We first encountered each other and worked together as coeditors at a theoretically women-oriented website where, beholden to the whims of our male investor and CEO — a man with little interest in either media or authentically relaying the experiences of women — we were forced to acknowledge the limits of our editorial autonomy sans access to the company’s purse strings.

As we wrote, edited, and managed the site together for a year and a half, we discovered, time and again, the public’s desire for overlooked and untold stories; for meatiness, substance, and honesty in a realm still dominated by aggregated content, clickbait, and listicles; for the space to empathize, learn, and connect on a human level.

Ultimately, we recognized that to build such a space, we’d have to buck media and company-founding trends and do it ourselves. And so, in June 2015 — with the help of a brilliant female investor, Shauna Stark — The Establishment was born.

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Contributing Editor Ruchika Tulshyan, Cofounder Katie Tandy, and Editor-at-Large Ijeoma Oluo at The Establishment’s first event, “This Is What Resistance Looks Like,” sponsored by the Northwest Film Forum in Seattle

Since our first day, our aim has never been that of recreating the offensively-dubbed “pink ghetto” of “women’s interest” content. As a barbershop-singing journalist, a punk-rock band frontwoman and alt-weekly-writer veteran, and a sea-turtle-lover with a background in foreign policy, we’ve never subscribed to the notion that our gender should — or does — dictate the things we want to report on, create, and consume.

We seek political coverage of the Syrian conflict, sociocultural implications of cult suicides, and brilliant dissections of the raging societal debate on free speech. We want to relish in gorgeously-rendered personal essays about queerness, the search for the perfect penis, and finding one’s blackness, just as we seek photo essays about urban goat herders, documentaries about feminist clowns, investigative deep dives into emerging child abuse trends, and stories on the rise of the name “Kevin” in Estonia.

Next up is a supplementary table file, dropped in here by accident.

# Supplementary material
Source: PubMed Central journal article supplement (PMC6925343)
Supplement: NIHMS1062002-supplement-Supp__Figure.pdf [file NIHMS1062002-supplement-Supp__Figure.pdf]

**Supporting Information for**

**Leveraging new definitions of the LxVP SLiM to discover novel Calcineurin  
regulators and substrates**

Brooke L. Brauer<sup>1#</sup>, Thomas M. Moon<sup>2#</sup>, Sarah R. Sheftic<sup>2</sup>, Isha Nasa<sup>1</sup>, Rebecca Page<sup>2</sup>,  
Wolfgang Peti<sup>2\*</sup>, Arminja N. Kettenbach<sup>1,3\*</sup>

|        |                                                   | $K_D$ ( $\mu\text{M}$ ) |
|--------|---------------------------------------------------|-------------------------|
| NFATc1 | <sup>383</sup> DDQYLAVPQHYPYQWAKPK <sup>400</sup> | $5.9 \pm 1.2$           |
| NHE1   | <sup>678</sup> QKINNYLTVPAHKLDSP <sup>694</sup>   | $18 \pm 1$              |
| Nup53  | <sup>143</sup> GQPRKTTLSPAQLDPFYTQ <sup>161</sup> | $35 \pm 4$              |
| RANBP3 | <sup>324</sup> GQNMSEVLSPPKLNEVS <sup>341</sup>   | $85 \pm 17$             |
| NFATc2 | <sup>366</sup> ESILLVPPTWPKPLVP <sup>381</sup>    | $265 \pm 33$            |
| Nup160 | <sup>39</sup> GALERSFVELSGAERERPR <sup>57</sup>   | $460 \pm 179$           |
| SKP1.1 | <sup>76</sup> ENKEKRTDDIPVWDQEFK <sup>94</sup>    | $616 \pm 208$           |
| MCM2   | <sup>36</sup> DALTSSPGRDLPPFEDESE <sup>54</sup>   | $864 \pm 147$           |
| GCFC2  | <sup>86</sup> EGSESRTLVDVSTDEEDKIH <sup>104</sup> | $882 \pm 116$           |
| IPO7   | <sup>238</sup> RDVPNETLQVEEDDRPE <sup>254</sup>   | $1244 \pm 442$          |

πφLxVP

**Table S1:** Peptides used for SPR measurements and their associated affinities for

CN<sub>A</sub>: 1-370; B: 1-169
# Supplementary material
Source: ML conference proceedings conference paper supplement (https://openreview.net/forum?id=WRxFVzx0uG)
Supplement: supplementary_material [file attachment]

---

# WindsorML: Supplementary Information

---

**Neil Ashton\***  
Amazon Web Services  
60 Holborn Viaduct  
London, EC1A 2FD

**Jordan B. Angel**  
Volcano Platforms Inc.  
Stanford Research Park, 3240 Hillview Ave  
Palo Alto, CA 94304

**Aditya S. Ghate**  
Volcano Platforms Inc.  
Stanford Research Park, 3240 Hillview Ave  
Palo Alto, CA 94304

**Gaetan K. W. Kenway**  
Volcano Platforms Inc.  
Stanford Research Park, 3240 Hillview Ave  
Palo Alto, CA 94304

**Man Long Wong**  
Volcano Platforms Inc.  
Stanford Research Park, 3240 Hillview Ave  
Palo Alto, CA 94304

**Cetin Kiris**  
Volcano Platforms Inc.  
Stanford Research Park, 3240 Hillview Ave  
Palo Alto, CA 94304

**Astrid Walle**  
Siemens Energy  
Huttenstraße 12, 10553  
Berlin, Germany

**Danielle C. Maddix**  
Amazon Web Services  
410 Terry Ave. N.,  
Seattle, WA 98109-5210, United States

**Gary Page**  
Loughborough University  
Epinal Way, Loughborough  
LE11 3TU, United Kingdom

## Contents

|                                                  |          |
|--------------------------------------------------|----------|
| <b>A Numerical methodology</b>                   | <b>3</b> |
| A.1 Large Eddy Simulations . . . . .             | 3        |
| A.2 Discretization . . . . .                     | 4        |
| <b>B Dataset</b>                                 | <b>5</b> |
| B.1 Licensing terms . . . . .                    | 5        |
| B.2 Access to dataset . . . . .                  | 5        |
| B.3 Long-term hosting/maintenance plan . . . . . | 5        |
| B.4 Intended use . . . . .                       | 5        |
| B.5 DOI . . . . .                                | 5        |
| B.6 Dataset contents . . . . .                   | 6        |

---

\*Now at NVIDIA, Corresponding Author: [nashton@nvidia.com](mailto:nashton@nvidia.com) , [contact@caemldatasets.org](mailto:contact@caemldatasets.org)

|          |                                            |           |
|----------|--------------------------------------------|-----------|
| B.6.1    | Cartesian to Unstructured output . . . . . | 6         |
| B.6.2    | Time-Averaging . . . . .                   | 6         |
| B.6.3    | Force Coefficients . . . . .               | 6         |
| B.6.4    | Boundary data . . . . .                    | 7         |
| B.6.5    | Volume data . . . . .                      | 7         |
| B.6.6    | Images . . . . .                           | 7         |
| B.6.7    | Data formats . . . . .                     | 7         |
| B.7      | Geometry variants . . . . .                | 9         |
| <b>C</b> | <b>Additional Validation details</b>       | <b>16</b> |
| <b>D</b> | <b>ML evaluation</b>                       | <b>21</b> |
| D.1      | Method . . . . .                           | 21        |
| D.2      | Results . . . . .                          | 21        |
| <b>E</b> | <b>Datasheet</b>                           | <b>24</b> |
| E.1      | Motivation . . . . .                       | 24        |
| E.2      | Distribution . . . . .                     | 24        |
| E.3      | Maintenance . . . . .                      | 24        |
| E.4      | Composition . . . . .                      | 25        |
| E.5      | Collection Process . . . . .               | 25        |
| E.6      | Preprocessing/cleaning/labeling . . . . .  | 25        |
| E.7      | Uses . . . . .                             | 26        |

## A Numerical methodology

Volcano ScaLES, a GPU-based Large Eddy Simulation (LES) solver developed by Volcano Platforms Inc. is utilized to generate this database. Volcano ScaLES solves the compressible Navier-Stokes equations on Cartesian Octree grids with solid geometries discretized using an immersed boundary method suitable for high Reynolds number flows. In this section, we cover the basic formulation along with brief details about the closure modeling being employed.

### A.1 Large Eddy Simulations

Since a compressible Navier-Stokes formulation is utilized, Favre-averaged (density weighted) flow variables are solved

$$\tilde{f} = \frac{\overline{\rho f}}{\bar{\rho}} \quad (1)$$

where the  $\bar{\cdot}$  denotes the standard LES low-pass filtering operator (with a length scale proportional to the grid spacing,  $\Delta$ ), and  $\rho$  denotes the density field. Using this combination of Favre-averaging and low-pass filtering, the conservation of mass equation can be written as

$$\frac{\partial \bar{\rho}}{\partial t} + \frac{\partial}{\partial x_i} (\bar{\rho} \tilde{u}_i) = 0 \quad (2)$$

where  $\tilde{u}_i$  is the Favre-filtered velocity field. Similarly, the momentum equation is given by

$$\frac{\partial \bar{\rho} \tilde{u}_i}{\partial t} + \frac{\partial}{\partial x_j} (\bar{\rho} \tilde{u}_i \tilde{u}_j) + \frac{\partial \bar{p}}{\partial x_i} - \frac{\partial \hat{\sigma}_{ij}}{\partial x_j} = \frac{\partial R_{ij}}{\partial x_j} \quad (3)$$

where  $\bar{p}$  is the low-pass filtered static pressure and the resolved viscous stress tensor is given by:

In short: We’re complex, curious citizens of the world and have always sought to build a multimedia site that reflects the multifaceted interests, views, and dreams that comprise a fully fleshed out human experience.

That said, we keenly understand, as three cis, white women, that — our various neurodivergence, histories of trauma, and mental health issues aside — we cannot and should not be gatekeepers for the mediamakers of the future.

In the immediate wake of the company’s genesis, we sought to round out our founding team with the views, skills, and incredible expertise of activist and writer Ijeoma Oluo, former producer and homelessness advocate Jessica Sutherland, and incisive journalist and author Ruchika Tulshyan. We remain deeply honored to have them aboard as we shake up the media landscape — and that we could add editors Jess Zimmerman and Maxine Builder to the roster.

Still, The Establishment as it currently exists — having published about 2,000 stories by 600 creators — represents but the very beginning of our journey. We look forward to broadening our burgeoning and benevolent empire into a wider and wider array of humanity — looping in women, men, and nonbinary individuals alike — as we grow and expand our capacity to tell the broadest spectrum of stories that we can.

With its diverse staff and uncanny overlap with our own mission, we couldn’t imagine better partners to help us raise the profile of The Establishment’s immeasurably talented creators — past, present, and future.

Especially in these dark and deeply uncertain political times, we believe fundamental change in media cannot be effected without marginalized people having a seat at the table.

Matter will aid us in constructing a profitable, mission-driven media company all predicated on building the largest, most equitable table possible.